Learning to Spin on a Drop Spindle

Like sewing, spinning is one of those things I never thought I would ever want to try.  I was content to just look at (and pet) all the pretty fibers and watch friends spin at knit night.  I’m not sure what changed, but I guess maybe enough people finally told me enough times that they thought I would enjoy it, so I signed up for a drop spindle class at the Ann Arbor Fall Fiber Expo this past weekend.

The class was very fun and helpful.  I took it with my friend Jennifer from knit night.  She had had a crash course in spinning with a drop spindle once and I had watched a video, but neither of us really knew how to do it.  The instructors, who own a farm nearby and raise alpacas (jealous!!), provided beginning drop spindles, a small amount of pencil roving, and over 4 ounces of 50/50 merino/alpaca roving.  The alpaca fiber was from their own alpacas. 🙂  The spindles were made from a dowel and a blank CD, which the instructors had put together themselves.  They were actually excellent spindles!  They spun very well and were heavy enough for our beginning (lack of) drafting skills.

The spindle
The arrow reminds me which direction to spin.

We started off spinning two different colors of pencil roving together, pretending they were one strand, so we could see the twist.  I ended up with this frosting-looking thing.  I think it’s cute. 🙂  The point of using pencil roving was to practice the spinning motion without having to draft the fiber (i.e. we didn’t need to pull out thinner bits of fiber).

Pencil roving spun up
The pencil roving all spun up

Then, they gave us the merino/alpaca roving and taught us about drafting.  We got to spend the next 45 minutes spinning that roving and then learning to ply it.  At the end of the class, I had this little ball of my very first handspun yarn!  I may possibly have brought it to work the next day and shown anyone who would listen. 😉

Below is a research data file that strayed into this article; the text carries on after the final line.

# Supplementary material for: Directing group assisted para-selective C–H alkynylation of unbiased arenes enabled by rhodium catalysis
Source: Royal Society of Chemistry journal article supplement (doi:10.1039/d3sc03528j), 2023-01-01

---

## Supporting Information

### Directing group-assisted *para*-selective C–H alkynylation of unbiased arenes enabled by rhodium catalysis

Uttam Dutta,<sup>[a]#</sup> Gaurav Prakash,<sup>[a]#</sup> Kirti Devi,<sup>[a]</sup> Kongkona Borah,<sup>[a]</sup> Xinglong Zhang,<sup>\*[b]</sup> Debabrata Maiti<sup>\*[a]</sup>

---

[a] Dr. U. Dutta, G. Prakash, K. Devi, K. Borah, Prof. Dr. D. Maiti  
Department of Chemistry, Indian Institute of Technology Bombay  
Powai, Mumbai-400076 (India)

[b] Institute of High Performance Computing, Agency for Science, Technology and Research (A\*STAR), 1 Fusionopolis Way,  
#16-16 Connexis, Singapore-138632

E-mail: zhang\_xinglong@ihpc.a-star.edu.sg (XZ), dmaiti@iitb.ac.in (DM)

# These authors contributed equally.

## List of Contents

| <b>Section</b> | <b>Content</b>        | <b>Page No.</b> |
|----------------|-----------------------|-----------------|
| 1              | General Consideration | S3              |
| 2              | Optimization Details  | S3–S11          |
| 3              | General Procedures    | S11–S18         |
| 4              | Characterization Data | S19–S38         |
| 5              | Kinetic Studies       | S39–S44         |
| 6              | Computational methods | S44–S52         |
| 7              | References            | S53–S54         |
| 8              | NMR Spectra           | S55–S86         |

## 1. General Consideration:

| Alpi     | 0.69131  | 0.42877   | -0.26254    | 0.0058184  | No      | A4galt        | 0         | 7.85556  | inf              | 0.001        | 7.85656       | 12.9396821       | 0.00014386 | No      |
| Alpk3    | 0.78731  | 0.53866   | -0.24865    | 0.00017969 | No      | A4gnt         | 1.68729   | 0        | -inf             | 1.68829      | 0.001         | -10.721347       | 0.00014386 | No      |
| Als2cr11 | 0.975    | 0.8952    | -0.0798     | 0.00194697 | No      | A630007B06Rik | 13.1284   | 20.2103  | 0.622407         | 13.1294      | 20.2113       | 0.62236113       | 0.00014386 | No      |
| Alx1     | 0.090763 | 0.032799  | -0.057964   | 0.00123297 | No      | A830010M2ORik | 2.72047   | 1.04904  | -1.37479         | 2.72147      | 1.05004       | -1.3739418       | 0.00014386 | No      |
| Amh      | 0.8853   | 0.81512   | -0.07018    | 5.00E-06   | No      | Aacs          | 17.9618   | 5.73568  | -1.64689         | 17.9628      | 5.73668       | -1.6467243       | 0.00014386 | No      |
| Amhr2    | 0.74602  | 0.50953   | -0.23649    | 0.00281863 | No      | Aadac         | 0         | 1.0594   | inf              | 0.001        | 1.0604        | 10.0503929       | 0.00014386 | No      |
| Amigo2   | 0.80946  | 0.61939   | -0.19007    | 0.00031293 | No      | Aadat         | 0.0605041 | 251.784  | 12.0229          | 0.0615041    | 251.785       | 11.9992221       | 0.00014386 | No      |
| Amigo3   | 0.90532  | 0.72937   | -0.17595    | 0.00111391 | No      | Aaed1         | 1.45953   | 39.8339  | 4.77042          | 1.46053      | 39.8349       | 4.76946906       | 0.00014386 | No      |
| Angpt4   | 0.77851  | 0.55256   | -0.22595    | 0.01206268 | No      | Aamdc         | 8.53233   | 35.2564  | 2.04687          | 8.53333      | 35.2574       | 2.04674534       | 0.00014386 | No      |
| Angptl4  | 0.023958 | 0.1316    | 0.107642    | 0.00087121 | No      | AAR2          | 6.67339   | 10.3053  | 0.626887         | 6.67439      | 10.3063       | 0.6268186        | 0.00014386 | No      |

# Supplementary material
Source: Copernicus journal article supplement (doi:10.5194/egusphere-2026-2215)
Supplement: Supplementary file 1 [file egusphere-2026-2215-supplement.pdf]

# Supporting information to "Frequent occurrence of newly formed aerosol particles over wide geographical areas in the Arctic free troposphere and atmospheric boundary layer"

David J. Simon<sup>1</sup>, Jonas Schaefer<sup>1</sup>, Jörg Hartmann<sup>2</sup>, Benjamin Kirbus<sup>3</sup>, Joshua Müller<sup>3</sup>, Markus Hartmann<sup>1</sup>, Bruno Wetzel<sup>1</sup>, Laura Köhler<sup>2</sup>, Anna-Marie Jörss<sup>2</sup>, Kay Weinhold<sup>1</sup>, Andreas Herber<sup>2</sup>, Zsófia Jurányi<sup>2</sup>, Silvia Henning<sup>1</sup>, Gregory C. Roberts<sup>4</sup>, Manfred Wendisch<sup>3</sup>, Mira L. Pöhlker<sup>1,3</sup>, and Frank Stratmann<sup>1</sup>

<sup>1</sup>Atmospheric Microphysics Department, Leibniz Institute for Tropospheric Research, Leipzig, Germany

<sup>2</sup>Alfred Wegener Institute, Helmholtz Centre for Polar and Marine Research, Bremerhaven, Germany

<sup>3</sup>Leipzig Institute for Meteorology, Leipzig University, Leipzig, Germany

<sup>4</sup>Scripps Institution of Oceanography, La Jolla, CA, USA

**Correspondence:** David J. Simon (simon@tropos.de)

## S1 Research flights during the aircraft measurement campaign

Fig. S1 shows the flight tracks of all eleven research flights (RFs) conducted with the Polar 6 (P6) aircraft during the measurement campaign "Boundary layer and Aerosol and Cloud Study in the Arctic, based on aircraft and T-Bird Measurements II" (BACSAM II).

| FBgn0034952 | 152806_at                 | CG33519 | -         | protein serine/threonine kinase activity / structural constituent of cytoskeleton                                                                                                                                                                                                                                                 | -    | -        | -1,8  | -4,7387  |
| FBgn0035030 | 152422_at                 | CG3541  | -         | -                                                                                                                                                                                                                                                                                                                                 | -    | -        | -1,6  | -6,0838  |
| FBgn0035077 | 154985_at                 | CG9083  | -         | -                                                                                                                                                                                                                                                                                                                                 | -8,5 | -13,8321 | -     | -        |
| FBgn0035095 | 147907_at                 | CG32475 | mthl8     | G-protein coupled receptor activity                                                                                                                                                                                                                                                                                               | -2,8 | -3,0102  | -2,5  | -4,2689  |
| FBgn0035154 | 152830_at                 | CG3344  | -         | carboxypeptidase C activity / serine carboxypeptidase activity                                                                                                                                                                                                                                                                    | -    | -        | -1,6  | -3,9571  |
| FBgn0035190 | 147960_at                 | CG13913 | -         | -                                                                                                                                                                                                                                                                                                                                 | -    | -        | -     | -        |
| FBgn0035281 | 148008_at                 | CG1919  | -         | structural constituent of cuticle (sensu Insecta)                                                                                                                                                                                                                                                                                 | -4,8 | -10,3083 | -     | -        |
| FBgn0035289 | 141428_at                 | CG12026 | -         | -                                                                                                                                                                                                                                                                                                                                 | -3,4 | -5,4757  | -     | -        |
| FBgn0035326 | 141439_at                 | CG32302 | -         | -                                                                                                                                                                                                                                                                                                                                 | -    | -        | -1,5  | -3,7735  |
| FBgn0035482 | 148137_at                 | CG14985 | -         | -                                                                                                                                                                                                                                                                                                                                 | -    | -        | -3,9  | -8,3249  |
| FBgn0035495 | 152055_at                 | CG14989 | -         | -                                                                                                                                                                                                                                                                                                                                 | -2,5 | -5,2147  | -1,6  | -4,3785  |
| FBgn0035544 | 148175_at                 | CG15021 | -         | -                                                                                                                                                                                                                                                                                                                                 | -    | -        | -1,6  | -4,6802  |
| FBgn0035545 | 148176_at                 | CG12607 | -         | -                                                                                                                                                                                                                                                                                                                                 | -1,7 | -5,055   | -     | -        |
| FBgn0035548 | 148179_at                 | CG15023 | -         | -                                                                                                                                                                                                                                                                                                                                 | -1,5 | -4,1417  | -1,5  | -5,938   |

My very first handspun
My very first handspun

I have since been pretty obsessed.  Each of the last three nights, I have spun another 10 grams of fiber.  (For some reason, in fiber arts at least in the U.S., it’s common to refer to unspun materials such as roving in ounces, but yarn in grams.  I just go with it.)  Last night, after spending a frustrating hour repairing joins that kept breaking, I realized that my starter spindle is too heavy for the weight of yarn I want to spin, so I’ll be resigning myself to spinning heavier yarn with the roving from the class, while also ordering a lighter-weight spindle to spin much finer yarn ASAP.

Doing some spinning
Doing some spinning
How much I've been spinning each night
How much I’ve been spinning each night. Sorry for dark.

I have three little balls just like that shown above now, and anticipate having a series of about ten, one for each night’s 10 grams.  I’ll ply them into a 2-ply once all the singles are spun up and then maybe I can knit a hat or something. 🙂  I’m really excited to see how my second ever yarn turns out.

For fun, I knitted my yarn from the class into a little square.  It might become the most special coaster ever.

My first handspun yarn knitted up
My first handspun yarn knitted up

5 thoughts on “Learning to Spin on a Drop Spindle

  1. Just stumbled upon your blog through the wormhole that is ravelry – Your spinning looks great! I was gifted a drop spindle earlier this year, but went the youtube route instead of taking a proper class. Perhaps I should rethink that. I still haven’t made any usable yarn!

    1. Thank you! I’m sure with practice you will improve. In fact, it has been a month since you left this comment–has your spinning gotten any better?? 🙂

      I thought the class was useful because the instructor could correct me or answer questions.

      1. I’ve been too busy with deadline knitting to do, well, anything else. Hoping to get back to it now that I have some of those big projects finished.

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